Over the last three decades, Colin Osborne has worked in the health industry within community and area health, hospitals, and more recently aged care.
Never in those 35 years has he seen the kind of crisis-level exhaustion that he’s seeing at present on a daily basis from frontline aged care workers.
Osborne is CEO of Peninsula Villages on the NSW Central Coast, which accommodates 300 residents across its three residential care facilities.
With more than 350 staff, Osborne says it’s time to shine a light on how dire the current situation is in aged care, as the rest of society moves on under the guise of ‘living with COVID’.
“As an independent, not-for-profit aged care provider, we, like many others in the industry, are constantly battling with one issue after another,” he says.
“Sector-wide lockdowns from COVID, staff shortages, reduced funding, higher overheads and increasing wages are impacting on the fundamental financial viability of aged care in Australia.”
Osborne says latest industry benchmarking surveys indicate that almost two thirds of aged care operators in Australia are operating at a loss.
“This is clearly an indication of the deteriorating viability of aged care services,” he says.
“There is just no end in sight to the issues we are facing.”
Aside from the organisational issues, Osborne says it’s the personal challenges his staff are faced with every day that need to be voiced.
“People working in aged care are feeling fatigued, they are exhausted, and they are frustrated,” he says.
“While life for most outside of aged care facilities has reverted to a new ‘normal’, restrictions in our industry still prevent our staff from resuming life to its full extent.
“Our frontline workers need to remain vigilant as they are integral to supporting vulnerable persons within our care, this often means missed events, social occasions and large-scale interactions.”
According to Osborne, staff shortages industry-wide mean that care employees are having to go above and beyond to meet expectations of residents and their families.
“Staff are not only working longer, but they are also multi-skilling across roles, working harder than ever before and under stricter and everchanging circumstances as we face outbreaks in the community,” he says.
Chronic staff shortages were an issue in the industry long before the COVID-19 pandemic.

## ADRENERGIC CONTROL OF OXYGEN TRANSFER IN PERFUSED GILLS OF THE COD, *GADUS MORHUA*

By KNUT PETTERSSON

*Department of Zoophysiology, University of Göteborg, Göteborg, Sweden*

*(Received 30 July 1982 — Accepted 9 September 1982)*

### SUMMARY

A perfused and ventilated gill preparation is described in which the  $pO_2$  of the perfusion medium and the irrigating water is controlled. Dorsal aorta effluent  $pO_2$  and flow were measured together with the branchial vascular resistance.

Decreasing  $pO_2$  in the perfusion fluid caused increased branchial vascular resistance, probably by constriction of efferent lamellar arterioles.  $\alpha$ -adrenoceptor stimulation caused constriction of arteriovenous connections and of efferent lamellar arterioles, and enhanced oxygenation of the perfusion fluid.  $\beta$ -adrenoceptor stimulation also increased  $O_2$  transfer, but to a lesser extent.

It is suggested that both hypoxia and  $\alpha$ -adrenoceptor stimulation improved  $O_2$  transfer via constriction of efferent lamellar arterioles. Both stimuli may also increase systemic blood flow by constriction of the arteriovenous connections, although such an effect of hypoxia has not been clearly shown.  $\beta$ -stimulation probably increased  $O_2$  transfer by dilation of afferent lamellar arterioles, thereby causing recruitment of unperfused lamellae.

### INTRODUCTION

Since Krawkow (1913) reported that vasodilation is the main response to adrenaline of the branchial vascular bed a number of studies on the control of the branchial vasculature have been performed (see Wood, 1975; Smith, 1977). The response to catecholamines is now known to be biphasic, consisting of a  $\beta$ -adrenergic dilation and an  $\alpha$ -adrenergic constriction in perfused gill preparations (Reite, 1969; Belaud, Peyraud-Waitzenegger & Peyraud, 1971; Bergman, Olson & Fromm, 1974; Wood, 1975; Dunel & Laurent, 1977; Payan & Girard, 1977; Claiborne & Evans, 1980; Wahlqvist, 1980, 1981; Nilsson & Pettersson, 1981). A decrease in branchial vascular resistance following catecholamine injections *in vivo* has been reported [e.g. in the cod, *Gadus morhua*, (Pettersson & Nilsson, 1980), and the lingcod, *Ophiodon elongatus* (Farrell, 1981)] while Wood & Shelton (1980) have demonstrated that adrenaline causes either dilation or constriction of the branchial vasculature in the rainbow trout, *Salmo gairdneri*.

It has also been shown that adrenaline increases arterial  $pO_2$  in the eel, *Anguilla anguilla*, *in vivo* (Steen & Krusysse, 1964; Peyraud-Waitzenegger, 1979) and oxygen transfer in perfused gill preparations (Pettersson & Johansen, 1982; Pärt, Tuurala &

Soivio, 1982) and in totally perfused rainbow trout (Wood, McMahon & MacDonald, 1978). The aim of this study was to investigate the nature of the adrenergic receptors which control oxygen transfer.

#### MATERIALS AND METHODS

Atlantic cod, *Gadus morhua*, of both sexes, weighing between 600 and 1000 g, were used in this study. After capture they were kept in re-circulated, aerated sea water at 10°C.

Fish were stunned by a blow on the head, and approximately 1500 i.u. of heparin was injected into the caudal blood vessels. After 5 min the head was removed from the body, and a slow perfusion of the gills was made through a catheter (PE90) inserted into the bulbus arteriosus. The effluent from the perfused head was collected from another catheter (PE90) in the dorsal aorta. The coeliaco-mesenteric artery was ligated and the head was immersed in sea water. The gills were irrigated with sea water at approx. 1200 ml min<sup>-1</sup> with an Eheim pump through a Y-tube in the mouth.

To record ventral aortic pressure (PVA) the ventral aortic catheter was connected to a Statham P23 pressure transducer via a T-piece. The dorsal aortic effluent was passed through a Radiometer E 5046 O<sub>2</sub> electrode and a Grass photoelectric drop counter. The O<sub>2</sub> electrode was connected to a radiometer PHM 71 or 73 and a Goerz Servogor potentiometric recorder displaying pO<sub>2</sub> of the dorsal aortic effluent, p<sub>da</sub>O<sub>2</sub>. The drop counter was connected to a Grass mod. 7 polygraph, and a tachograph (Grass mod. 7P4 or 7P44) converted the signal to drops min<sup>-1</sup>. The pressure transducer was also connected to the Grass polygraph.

Last year, the Royal Commission into Aged Care Quality and Safety recommended an increase in the award wage for aged care workers to help attract and retain staff, yet still the Federal Government has not implemented any pay rise.
“Instead of showing any action in regard to funding, the Government continues to bag our industry for not living up to community expectations,” Osborne explains.
“The problem is, how can our workforce live up to what aged care should be, if we are underfunded, poorly publicised and most of all consistently fatigued?
“In my opinion, the aged care sector in Australia has worked hard and done a good job to protect our older Australians, despite all the extra hard work and the administrative burden that has been added due to the COVID-19 pandemic – this has been added to what was an already over-burdened and underfunded sector.”
What also needs highlighting, Osborne explains, is the lack of recognition for the aged care industry.
“Frontline workers in hospitals and emergency services are often heard and praised by the public when it comes to their commitment and while there’s no denying their vital role in the system, I want to give a voice to our aged care staff,” he says.
“The NDIS has made pathways for a brighter future for the disability community, perhaps it’s time to shine a light on the value and significance of aged care in Australia?
“There are about 4.2 million Australians who are aged over 65.
“That’s almost 20 per cent of our population who may very much need our care in the near future.”